Tagpennsylvania

Stories about Pennsylvania

Major party candidates selected in Pennsylvania House special election

Party executive committees for the Democratic Party and Republican Party in Lackawanna County have nominated candidates in the special election for District 113 of the Pennsylvania House of Representatives. Republicans nominated Dominick Manetti in an executive committee meeting on July 29. Thom Welby was nominated by the Democratic executive committee on July 1. The official filing deadline is September 13, and the special election is being held on Nov. 2. The winner of the special election will serve until November 2022.

The seat became vacant after Martin Flynn (D) won a special election for state Senate District 22 on May 18. Flynn had represented District 113 since 2012. He won re-election in 2020 with 68% of the vote.

Heading into the special election, Republicans have a 113-88 majority in the Pennsylvania House of Representatives with two vacancies. Pennsylvania has a divided government, and no political party holds a state government trifecta. A trifecta exists when one political party simultaneously holds the governor’s office and majorities in both state legislative chambers.

As of July, 48 state legislative special elections have been scheduled for 2021 in 18 states. Between 2011 and 2020, an average of 75 special elections took place each year. Pennsylvania held 44 state legislative special elections from 2011 to 2020.

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Margo Davidson resigns from Pennsylvania House of Representatives

Margo Davidson (D) resigned from the Pennsylvania House of Representatives on July 23 after state Attorney General Josh Shapiro (D) filed criminal charges against Davidson on July 22. The charges included theft, solicitation to hinder apprehension, and election code violations. 

According to Politics PA, Shapiro’s office said Davidson allegedly “‘requested overnight expenses for nights she did not spend in Harrisburg and received personal reimbursements’ from the state ‘for expenses that had been paid for by her campaign,’ and that she’s also been charged for ‘failure to report campaign finance information, as well as soliciting a witness to lie during the course of the investigation.'”

In her resignation letter, Davidson said, “Today, I sadly announce my resignation and take legal responsibility for improper record keeping and reimbursement of expenses…I further take responsibility for and regret not fully participating with the investigation.” Her arraignment is scheduled for Sept. 10.

Davidson initially was elected to the state House in November 2010, defeating Maureen Carey (R), 54% to 46%. She was most recently re-elected in 2020 unopposed. 

If there is a vacancy in the Pennsylvania House, a special election must be held to fill the vacant district. As of July 26, there have been 67 state legislative vacancies across the United States this year. Of those 67, 37 are filled through special elections. 

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Redistricting review: Michigan Supreme Court declines to extend redistricting deadlines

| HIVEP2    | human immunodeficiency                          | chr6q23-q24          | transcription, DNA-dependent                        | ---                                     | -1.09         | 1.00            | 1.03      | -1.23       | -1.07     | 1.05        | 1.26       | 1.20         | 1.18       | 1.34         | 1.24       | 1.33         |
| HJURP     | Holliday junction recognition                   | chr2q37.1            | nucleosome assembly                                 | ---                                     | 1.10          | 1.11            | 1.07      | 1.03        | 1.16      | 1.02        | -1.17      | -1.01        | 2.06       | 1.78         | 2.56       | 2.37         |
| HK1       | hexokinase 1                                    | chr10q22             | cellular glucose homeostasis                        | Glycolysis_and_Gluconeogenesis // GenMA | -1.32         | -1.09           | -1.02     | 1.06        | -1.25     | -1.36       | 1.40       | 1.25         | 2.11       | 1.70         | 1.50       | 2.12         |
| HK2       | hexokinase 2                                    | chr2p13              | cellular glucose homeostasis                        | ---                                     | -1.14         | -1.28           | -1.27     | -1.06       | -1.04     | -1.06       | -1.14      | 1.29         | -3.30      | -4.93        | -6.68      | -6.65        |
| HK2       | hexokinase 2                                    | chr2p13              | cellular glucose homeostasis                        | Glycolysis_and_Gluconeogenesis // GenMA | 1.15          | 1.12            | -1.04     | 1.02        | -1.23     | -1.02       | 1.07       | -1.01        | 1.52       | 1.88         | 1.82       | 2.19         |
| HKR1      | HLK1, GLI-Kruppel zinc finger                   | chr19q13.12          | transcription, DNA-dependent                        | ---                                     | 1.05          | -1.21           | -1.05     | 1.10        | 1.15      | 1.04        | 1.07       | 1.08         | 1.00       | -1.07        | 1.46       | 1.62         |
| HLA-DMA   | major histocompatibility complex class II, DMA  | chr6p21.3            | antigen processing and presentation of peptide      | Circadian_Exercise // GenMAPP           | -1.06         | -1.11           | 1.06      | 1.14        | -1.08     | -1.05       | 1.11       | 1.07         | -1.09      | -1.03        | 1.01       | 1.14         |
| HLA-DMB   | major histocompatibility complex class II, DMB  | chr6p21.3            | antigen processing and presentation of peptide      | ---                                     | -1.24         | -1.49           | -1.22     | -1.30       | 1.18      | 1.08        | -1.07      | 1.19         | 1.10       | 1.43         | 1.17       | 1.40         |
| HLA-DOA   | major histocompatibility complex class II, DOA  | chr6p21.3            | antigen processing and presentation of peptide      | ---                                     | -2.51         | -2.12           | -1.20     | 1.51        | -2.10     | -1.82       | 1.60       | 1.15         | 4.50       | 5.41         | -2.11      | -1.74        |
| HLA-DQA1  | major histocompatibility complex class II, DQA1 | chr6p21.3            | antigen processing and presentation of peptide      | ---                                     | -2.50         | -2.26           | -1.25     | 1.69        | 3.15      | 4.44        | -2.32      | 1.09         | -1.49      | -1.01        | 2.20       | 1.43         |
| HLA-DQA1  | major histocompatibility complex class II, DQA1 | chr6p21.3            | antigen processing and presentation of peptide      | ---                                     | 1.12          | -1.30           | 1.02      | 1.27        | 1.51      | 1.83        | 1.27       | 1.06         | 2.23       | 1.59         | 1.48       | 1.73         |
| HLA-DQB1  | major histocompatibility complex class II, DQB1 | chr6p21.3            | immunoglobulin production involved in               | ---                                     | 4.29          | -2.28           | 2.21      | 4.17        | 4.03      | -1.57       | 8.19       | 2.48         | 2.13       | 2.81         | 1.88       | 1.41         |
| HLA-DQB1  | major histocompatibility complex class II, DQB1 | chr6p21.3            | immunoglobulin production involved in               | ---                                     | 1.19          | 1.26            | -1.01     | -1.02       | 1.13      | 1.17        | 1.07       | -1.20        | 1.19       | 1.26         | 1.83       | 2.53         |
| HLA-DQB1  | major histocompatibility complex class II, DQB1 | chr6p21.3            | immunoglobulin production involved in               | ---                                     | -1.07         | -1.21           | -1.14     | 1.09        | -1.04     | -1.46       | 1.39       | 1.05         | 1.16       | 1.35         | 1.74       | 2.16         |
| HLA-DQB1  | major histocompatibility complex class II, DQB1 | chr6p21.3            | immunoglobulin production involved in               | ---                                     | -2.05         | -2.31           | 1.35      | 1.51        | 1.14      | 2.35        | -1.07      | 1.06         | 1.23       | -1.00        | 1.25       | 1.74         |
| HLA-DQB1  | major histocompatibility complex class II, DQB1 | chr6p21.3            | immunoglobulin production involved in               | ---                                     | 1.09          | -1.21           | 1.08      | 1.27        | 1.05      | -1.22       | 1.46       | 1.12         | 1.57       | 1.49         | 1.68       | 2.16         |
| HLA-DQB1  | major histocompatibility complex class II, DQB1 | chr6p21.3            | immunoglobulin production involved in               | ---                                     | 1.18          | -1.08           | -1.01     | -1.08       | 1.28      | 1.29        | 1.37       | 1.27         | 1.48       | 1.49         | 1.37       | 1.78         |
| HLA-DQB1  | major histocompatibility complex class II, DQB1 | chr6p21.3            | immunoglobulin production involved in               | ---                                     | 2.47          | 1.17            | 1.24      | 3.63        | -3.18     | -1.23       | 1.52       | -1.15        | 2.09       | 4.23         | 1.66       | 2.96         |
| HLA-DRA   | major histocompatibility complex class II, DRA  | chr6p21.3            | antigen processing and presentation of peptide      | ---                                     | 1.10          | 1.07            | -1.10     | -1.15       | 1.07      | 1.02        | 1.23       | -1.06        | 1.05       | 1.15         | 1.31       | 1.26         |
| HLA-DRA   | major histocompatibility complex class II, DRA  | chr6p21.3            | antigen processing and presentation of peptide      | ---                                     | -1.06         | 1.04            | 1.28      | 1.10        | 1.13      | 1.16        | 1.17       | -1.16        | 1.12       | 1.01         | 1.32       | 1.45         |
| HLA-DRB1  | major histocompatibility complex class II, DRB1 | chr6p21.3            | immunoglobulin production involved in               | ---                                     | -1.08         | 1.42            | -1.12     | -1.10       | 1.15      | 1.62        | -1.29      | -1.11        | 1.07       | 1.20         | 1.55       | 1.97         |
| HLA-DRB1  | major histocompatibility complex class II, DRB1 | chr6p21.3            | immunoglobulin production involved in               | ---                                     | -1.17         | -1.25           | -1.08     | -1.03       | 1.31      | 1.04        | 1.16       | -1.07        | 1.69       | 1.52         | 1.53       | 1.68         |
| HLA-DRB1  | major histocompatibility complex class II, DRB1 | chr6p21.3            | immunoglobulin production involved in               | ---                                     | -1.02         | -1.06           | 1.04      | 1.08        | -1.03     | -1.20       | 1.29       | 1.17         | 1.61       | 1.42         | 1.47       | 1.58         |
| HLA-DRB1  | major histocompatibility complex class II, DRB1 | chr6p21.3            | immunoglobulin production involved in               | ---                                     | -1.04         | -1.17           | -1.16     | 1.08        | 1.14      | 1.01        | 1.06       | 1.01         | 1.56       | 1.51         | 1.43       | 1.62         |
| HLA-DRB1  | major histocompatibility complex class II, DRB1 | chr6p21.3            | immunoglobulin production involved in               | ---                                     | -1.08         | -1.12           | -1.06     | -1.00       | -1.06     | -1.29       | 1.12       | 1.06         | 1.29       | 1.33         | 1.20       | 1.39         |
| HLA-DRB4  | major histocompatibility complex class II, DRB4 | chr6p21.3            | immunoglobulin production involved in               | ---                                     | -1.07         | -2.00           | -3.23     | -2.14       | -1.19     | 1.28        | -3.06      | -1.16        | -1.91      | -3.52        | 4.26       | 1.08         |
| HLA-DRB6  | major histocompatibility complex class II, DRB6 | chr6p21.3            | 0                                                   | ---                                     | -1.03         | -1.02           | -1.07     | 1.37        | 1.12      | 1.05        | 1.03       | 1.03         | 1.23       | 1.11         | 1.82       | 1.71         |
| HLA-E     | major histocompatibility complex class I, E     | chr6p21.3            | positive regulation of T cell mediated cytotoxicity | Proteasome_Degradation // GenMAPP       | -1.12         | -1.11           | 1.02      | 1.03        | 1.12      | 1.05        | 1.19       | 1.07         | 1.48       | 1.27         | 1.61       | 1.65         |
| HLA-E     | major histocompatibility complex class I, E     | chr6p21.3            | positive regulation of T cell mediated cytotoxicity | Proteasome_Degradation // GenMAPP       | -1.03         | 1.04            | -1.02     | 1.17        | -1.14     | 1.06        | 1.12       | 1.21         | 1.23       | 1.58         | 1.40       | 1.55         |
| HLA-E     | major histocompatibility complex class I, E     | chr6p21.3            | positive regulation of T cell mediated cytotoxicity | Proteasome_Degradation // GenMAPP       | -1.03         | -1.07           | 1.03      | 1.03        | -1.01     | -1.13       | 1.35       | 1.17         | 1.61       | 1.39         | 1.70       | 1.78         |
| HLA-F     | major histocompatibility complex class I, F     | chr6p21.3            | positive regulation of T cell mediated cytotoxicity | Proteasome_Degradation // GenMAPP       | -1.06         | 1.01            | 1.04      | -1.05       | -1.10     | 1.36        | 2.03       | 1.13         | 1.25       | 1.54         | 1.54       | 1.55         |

In this week’s Redistricting Review, we cover news out of Michigan, New York, and Pennsylvania.

Michigan: On July 9, the Michigan Supreme Court rejected the Michigan Independent Citizens Redistricting Commission’s request to extend the constitutional deadlines for adopting new redistricting plans. The constitutional deadlines – presentation to the public by Sept. 17 and adoption by Nov. 1 – remain in effect.

In light of the delayed delivery of detailed redistricting data by the U.S. Census Bureau, the commission argued that it would “not be able to comply with the constitutionally imposed timeline.” Instead, the commission asked the state supreme court to direct the commission to propose plans within 72 days of the receipt of redistricting data and to approve plans within 45 days thereafter.

The state supreme court asked the Office of the Attorney General to assemble two separate teams to make arguments, one team in support of the commission’s request and another opposed. The court heard oral arguments on June 21. Deputy Solicitor General Ann Sherman, speaking in support of the proposed deadline extensions, said “The very maps themselves could be challenged if they are drawn after the November 1 deadline.” Assistant Attorney General Kyla Barranco, speaking in opposition, said, “There isn’t harm in telling the commission at this point, ‘Try your best with the data that you might be able to use and come September 17, maybe we’ll have a different case.'”

In its unsigned July 9 order, the court said that it was “not persuaded that it should grant the requested relief.” Justice Elizabeth Welch wrote a concurrence, in which she said, “The Court’s decision is not a reflection on the merits of the questions briefed or how this Court might resolve a future case raising similar issues. It is indicative only that a majority of this Court believes that the anticipatory relief sought is unwarranted.”

In response to the court’s order, Edward Woods III, the commission’s communications and outreach director, said that the commission would follow its draft timeline, under which the public input period opens on Aug. 30 and closes on Sept. 30 – past the Sept. 17 constitutional deadline. This suggests that further litigation on the matter might occur.